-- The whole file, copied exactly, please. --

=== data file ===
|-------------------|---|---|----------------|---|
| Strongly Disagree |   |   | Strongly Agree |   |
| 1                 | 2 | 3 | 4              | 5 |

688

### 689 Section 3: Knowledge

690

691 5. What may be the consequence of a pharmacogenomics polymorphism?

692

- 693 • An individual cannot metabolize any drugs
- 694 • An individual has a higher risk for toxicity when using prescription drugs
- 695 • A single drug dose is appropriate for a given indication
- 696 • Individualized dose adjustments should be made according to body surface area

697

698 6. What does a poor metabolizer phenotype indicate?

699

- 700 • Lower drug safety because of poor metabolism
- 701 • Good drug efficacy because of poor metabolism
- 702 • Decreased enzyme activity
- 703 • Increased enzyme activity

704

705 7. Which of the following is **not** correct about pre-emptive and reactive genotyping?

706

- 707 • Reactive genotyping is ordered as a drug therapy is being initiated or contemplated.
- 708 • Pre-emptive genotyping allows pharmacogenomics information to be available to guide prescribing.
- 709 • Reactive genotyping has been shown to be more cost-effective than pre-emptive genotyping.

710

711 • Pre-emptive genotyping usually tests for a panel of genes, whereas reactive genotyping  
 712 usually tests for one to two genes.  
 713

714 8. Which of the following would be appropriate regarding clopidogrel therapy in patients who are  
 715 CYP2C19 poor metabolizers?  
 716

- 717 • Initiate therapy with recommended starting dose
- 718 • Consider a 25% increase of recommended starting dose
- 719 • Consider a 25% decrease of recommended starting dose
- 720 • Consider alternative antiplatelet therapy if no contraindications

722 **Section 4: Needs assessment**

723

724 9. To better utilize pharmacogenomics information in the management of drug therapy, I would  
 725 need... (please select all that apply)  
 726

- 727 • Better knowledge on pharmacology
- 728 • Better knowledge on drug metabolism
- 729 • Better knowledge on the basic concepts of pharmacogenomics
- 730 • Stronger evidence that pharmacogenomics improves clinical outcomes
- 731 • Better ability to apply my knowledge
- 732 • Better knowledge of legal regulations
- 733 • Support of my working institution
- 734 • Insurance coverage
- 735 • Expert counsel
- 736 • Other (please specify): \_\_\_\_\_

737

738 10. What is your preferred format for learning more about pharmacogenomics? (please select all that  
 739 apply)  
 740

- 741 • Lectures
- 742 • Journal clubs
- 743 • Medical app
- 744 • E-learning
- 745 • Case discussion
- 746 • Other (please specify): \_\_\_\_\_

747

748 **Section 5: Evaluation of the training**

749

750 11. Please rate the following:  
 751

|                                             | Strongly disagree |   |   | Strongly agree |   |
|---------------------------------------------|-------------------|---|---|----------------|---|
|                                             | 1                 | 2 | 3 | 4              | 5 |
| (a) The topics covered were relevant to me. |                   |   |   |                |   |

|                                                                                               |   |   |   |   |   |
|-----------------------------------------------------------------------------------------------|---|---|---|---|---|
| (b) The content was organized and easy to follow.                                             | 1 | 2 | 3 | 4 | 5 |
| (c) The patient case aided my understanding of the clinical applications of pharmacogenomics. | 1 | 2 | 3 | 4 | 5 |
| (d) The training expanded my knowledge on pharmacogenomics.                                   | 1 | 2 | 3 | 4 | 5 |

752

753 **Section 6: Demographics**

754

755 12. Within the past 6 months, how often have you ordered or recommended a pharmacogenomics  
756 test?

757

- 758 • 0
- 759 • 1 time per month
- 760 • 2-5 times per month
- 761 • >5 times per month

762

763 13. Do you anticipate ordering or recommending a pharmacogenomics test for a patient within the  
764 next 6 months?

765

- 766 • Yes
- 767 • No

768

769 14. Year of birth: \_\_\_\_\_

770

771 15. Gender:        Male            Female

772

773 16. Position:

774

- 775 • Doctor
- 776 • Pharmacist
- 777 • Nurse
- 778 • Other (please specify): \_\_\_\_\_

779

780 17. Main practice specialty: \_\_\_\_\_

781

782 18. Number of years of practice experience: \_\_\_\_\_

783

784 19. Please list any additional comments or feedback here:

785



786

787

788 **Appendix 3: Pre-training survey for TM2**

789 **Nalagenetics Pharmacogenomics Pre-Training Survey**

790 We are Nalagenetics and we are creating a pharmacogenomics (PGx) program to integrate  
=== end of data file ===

|-------------------|---|---|----------------|---|
| Strongly Disagree |   |   | Strongly Agree |   |
| 1                 | 2 | 3 | 4              | 5 |

688

### 689 Section 3: Knowledge

690

691 5. What may be the consequence of a pharmacogenomics polymorphism?

692

- 693 • An individual cannot metabolize any drugs
- 694 • An individual has a higher risk for toxicity when using prescription drugs
- 695 • A single drug dose is appropriate for a given indication
- 696 • Individualized dose adjustments should be made according to body surface area

697

698 6. What does a poor metabolizer phenotype indicate?

699

- 700 • Lower drug safety because of poor metabolism
- 701 • Good drug efficacy because of poor metabolism
- 702 • Decreased enzyme activity
- 703 • Increased enzyme activity

704

705 7. Which of the following is **not** correct about pre-emptive and reactive genotyping?

706

- 707 • Reactive genotyping is ordered as a drug therapy is being initiated or contemplated.
- 708 • Pre-emptive genotyping allows pharmacogenomics information to be available to guide prescribing.
- 709 • Reactive genotyping has been shown to be more cost-effective than pre-emptive genotyping.

710

711 • Pre-emptive genotyping usually tests for a panel of genes, whereas reactive genotyping  
 712 usually tests for one to two genes.  
 713

714 8. Which of the following would be appropriate regarding clopidogrel therapy in patients who are  
 715 CYP2C19 poor metabolizers?  
 716

- 717 • Initiate therapy with recommended starting dose
- 718 • Consider a 25% increase of recommended starting dose
- 719 • Consider a 25% decrease of recommended starting dose
- 720 • Consider alternative antiplatelet therapy if no contraindications

722 **Section 4: Needs assessment**

723

724 9. To better utilize pharmacogenomics information in the management of drug therapy, I would  
 725 need... (please select all that apply)  
 726

- 727 • Better knowledge on pharmacology
- 728 • Better knowledge on drug metabolism
- 729 • Better knowledge on the basic concepts of pharmacogenomics
- 730 • Stronger evidence that pharmacogenomics improves clinical outcomes
- 731 • Better ability to apply my knowledge
- 732 • Better knowledge of legal regulations
- 733 • Support of my working institution
- 734 • Insurance coverage
- 735 • Expert counsel
- 736 • Other (please specify): \_\_\_\_\_

737

738 10. What is your preferred format for learning more about pharmacogenomics? (please select all that  
 739 apply)  
 740

- 741 • Lectures
- 742 • Journal clubs
- 743 • Medical app
- 744 • E-learning
- 745 • Case discussion
- 746 • Other (please specify): \_\_\_\_\_

747

748 **Section 5: Evaluation of the training**

749

750 11. Please rate the following:  
 751

|                                             | Strongly disagree |   |   | Strongly agree |   |
|---------------------------------------------|-------------------|---|---|----------------|---|
|                                             | 1                 | 2 | 3 | 4              | 5 |
| (a) The topics covered were relevant to me. |                   |   |   |                |   |

|                                                                                               |   |   |   |   |   |
|-----------------------------------------------------------------------------------------------|---|---|---|---|---|
| (b) The content was organized and easy to follow.                                             | 1 | 2 | 3 | 4 | 5 |
| (c) The patient case aided my understanding of the clinical applications of pharmacogenomics. | 1 | 2 | 3 | 4 | 5 |
| (d) The training expanded my knowledge on pharmacogenomics.                                   | 1 | 2 | 3 | 4 | 5 |

752

753 **Section 6: Demographics**

754

755 12. Within the past 6 months, how often have you ordered or recommended a pharmacogenomics  
756 test?

757

- 758 • 0
- 759 • 1 time per month
- 760 • 2-5 times per month
- 761 • >5 times per month

762

763 13. Do you anticipate ordering or recommending a pharmacogenomics test for a patient within the  
764 next 6 months?

765

- 766 • Yes
- 767 • No

768

769 14. Year of birth: \_\_\_\_\_

770

771 15. Gender:        Male            Female

772

773 16. Position:

774

- 775 • Doctor
- 776 • Pharmacist
- 777 • Nurse
- 778 • Other (please specify): \_\_\_\_\_

779

780 17. Main practice specialty: \_\_\_\_\_

781

782 18. Number of years of practice experience: \_\_\_\_\_

783

784 19. Please list any additional comments or feedback here:

785



786

787

788 **Appendix 3: Pre-training survey for TM2**

789 **Nalagenetics Pharmacogenomics Pre-Training Survey**

790 We are Nalagenetics and we are creating a pharmacogenomics (PGx) program to integrate  